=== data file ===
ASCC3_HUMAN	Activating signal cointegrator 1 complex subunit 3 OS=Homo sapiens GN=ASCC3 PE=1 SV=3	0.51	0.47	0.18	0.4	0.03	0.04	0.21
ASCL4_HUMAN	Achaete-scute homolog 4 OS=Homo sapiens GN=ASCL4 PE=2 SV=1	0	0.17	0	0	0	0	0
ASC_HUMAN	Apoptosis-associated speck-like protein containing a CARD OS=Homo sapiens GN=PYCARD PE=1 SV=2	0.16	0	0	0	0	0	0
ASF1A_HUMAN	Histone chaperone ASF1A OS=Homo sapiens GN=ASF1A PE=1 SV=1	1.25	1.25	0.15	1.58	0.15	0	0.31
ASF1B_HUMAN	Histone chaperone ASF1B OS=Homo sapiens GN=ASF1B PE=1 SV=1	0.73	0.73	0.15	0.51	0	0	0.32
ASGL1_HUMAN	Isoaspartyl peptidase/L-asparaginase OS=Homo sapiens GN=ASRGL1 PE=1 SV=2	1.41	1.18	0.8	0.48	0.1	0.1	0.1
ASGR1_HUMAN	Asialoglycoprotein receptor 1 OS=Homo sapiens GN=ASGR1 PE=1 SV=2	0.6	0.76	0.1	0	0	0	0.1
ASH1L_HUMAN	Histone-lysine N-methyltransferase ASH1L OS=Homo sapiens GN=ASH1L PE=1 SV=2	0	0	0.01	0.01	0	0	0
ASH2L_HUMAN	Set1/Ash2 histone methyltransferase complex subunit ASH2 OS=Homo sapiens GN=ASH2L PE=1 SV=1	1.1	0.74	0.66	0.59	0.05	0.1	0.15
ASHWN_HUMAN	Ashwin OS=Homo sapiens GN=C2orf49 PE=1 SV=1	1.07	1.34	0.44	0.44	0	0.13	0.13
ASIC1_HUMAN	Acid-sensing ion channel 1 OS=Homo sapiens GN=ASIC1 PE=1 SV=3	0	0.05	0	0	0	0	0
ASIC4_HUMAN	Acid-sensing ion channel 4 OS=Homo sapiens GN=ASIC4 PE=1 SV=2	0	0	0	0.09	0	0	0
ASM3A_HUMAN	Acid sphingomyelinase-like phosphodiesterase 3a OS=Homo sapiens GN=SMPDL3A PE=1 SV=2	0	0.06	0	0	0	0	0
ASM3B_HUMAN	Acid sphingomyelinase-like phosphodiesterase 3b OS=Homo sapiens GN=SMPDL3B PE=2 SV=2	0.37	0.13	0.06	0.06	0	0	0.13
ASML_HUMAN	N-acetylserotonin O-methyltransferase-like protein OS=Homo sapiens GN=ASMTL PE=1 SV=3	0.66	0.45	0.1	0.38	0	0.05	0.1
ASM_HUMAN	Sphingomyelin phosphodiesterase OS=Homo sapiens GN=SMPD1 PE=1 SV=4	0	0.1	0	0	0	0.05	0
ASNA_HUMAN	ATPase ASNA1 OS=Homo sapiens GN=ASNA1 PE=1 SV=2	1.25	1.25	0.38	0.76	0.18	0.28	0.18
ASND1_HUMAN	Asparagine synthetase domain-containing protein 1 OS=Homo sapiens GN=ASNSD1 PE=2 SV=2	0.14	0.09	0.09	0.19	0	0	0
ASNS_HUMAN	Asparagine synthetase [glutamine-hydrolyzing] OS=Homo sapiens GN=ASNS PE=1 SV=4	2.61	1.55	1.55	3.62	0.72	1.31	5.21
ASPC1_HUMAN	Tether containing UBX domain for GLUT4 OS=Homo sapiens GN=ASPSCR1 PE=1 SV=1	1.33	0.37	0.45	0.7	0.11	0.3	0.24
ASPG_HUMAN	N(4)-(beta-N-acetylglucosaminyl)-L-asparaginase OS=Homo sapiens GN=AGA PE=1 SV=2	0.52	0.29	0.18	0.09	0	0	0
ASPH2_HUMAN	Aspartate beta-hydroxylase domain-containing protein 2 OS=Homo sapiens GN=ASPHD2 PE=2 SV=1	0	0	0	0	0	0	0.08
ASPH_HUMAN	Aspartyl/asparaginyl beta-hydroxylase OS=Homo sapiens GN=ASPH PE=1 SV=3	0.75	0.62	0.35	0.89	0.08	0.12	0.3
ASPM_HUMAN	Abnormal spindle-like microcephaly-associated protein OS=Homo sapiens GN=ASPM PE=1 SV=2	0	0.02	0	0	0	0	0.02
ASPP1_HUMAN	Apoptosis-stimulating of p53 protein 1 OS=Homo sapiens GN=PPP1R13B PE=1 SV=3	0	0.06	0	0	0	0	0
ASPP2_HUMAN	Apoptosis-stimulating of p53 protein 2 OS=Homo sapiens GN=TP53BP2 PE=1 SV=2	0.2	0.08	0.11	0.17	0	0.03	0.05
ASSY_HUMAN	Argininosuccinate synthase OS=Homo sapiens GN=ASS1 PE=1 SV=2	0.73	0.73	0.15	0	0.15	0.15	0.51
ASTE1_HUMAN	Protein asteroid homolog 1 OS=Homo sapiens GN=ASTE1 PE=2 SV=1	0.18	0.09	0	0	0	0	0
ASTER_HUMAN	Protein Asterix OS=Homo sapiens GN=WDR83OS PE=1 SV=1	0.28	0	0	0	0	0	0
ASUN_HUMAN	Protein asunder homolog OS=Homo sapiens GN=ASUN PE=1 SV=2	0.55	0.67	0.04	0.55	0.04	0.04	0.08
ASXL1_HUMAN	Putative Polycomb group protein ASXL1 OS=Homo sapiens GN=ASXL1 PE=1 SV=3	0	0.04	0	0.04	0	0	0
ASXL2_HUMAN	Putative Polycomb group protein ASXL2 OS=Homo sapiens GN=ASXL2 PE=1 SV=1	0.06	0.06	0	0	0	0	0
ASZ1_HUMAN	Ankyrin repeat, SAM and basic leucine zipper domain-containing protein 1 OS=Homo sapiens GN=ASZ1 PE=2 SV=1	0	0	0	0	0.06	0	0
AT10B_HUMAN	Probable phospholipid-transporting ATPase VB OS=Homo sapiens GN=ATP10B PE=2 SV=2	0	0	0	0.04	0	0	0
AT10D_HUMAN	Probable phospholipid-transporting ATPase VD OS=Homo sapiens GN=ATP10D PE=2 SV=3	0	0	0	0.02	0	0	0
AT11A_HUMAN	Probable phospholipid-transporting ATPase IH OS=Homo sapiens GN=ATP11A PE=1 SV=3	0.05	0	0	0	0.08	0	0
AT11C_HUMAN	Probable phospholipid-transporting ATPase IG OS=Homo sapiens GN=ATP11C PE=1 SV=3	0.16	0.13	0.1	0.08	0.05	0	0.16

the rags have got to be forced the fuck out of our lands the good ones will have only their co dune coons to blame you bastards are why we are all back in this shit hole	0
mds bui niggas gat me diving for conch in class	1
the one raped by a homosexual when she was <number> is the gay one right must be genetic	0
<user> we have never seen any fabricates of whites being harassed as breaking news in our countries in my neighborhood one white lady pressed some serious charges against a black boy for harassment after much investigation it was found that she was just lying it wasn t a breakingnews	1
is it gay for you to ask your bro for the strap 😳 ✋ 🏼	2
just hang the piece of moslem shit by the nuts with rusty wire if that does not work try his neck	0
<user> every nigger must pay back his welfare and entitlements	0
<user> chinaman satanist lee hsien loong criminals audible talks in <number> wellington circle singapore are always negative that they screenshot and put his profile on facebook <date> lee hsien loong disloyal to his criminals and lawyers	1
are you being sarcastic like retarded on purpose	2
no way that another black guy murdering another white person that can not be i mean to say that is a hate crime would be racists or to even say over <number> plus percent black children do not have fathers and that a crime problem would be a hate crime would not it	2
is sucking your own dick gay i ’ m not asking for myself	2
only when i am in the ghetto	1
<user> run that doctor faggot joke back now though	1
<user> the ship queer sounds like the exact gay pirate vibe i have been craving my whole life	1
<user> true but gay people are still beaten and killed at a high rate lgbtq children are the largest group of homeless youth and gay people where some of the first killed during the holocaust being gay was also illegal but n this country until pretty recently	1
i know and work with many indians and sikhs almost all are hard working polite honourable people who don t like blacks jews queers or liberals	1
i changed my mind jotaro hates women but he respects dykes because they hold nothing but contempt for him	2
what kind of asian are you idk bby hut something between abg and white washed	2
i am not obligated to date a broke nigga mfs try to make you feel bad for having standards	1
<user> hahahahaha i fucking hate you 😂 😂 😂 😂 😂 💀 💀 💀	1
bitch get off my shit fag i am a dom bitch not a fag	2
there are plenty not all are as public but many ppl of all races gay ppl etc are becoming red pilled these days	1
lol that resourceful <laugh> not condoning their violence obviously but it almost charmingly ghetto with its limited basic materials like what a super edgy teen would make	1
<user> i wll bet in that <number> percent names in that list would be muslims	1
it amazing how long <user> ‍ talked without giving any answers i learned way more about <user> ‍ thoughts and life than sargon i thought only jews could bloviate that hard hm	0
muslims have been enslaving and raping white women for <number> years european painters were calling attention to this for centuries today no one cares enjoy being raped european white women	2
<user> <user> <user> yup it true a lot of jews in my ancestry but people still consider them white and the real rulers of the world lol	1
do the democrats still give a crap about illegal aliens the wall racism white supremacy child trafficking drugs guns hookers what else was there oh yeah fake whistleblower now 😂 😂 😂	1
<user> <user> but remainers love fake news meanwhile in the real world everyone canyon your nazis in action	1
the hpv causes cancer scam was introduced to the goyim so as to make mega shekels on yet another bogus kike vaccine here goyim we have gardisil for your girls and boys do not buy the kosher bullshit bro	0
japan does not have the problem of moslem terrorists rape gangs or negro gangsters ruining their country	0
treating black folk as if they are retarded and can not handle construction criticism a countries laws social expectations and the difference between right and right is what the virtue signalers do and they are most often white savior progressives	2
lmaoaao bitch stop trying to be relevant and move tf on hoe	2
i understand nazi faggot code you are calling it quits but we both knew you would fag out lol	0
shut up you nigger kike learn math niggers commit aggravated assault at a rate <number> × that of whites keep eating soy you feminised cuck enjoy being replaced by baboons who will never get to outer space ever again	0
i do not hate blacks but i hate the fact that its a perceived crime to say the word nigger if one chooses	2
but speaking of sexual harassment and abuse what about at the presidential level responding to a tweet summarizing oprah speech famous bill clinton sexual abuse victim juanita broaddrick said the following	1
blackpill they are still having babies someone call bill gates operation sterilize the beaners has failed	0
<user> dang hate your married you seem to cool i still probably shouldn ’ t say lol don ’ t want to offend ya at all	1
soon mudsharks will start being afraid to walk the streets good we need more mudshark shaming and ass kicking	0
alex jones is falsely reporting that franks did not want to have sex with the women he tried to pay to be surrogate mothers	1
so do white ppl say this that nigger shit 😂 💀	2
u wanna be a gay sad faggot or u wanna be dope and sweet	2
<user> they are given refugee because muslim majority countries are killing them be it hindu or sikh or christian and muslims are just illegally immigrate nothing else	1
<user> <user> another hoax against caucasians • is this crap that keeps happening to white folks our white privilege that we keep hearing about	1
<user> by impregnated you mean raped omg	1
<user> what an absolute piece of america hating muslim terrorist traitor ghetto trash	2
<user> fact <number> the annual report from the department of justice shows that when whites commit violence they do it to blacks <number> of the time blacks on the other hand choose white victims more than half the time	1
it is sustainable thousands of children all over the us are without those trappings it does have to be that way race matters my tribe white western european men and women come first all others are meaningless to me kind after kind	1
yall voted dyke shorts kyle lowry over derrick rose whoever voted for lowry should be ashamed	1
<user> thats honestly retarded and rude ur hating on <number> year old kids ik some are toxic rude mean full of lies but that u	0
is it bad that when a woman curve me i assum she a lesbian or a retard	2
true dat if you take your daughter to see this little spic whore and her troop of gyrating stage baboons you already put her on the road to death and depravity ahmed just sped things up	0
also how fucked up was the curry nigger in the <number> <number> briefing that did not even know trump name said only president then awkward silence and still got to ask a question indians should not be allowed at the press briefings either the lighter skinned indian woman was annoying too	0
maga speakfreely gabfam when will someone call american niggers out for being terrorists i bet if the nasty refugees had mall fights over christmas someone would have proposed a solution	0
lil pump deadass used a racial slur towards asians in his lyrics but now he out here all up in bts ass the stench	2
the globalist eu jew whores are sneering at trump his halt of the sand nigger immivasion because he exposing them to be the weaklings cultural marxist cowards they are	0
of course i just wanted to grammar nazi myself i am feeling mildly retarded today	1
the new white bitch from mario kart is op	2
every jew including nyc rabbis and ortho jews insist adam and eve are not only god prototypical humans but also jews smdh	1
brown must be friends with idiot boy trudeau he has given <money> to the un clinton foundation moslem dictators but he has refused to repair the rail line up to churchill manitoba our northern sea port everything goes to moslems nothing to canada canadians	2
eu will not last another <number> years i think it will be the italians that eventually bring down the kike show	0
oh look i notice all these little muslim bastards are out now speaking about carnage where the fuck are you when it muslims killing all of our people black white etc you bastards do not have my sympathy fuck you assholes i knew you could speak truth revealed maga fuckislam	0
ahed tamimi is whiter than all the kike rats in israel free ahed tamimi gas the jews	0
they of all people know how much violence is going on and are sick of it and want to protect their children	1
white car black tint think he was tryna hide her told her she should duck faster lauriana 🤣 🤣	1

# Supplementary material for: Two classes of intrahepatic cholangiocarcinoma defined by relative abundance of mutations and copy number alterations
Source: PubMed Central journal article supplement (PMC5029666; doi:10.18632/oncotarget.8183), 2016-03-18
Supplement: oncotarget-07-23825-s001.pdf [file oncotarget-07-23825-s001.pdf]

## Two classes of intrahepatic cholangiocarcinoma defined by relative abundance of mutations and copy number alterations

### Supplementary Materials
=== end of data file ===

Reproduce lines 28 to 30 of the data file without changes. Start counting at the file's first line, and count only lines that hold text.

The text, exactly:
ASTE1_HUMAN	Protein asteroid homolog 1 OS=Homo sapiens GN=ASTE1 PE=2 SV=1	0.18	0.09	0	0	0	0	0
ASTER_HUMAN	Protein Asterix OS=Homo sapiens GN=WDR83OS PE=1 SV=1	0.28	0	0	0	0	0	0
ASUN_HUMAN	Protein asunder homolog OS=Homo sapiens GN=ASUN PE=1 SV=2	0.55	0.67	0.04	0.55	0.04	0.04	0.08